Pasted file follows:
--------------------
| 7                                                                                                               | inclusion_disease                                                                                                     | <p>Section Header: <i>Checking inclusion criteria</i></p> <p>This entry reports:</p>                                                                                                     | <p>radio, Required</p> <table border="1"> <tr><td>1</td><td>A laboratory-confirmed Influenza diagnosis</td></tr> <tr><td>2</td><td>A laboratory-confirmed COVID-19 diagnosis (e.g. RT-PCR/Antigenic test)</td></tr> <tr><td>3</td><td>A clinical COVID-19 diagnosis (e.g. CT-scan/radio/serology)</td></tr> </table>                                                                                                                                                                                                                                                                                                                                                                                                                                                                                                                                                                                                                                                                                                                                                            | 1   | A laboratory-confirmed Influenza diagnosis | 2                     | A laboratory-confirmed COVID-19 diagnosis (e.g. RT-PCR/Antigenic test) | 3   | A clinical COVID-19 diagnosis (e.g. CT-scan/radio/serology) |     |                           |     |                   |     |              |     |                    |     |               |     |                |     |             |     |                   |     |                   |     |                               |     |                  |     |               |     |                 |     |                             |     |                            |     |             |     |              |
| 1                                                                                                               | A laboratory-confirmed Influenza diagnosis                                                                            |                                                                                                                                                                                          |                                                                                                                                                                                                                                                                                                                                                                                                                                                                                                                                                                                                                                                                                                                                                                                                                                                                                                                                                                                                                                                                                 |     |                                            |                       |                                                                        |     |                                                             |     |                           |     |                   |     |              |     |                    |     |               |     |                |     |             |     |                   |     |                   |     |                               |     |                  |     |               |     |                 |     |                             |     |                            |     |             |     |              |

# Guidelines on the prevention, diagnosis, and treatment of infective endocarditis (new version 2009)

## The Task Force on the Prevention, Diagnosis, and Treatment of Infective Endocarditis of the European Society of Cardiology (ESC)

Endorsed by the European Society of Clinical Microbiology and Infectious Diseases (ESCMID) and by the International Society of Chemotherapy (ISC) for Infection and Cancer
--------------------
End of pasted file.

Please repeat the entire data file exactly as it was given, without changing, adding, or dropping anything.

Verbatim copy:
| 7                                                                                                               | inclusion_disease                                                                                                     | <p>Section Header: <i>Checking inclusion criteria</i></p> <p>This entry reports:</p>                                                                                                     | <p>radio, Required</p> <table border="1"> <tr><td>1</td><td>A laboratory-confirmed Influenza diagnosis</td></tr> <tr><td>2</td><td>A laboratory-confirmed COVID-19 diagnosis (e.g. RT-PCR/Antigenic test)</td></tr> <tr><td>3</td><td>A clinical COVID-19 diagnosis (e.g. CT-scan/radio/serology)</td></tr> </table>                                                                                                                                                                                                                                                                                                                                                                                                                                                                                                                                                                                                                                                                                                                                                            | 1   | A laboratory-confirmed Influenza diagnosis | 2                     | A laboratory-confirmed COVID-19 diagnosis (e.g. RT-PCR/Antigenic test) | 3   | A clinical COVID-19 diagnosis (e.g. CT-scan/radio/serology) |     |                           |     |                   |     |              |     |                    |     |               |     |                |     |             |     |                   |     |                   |     |                               |     |                  |     |               |     |                 |     |                             |     |                            |     |             |     |              |
| 1                                                                                                               | A laboratory-confirmed Influenza diagnosis                                                                            |                                                                                                                                                                                          |                                                                                                                                                                                                                                                                                                                                                                                                                                                                                                                                                                                                                                                                                                                                                                                                                                                                                                                                                                                                                                                                                 |     |                                            |                       |                                                                        |     |                                                             |     |                           |     |                   |     |              |     |                    |     |               |     |                |     |             |     |                   |     |                   |     |                               |     |                  |     |               |     |                 |     |                             |     |                            |     |             |     |              |

# Guidelines on the prevention, diagnosis, and treatment of infective endocarditis (new version 2009)

## The Task Force on the Prevention, Diagnosis, and Treatment of Infective Endocarditis of the European Society of Cardiology (ESC)

Endorsed by the European Society of Clinical Microbiology and Infectious Diseases (ESCMID) and by the International Society of Chemotherapy (ISC) for Infection and Cancer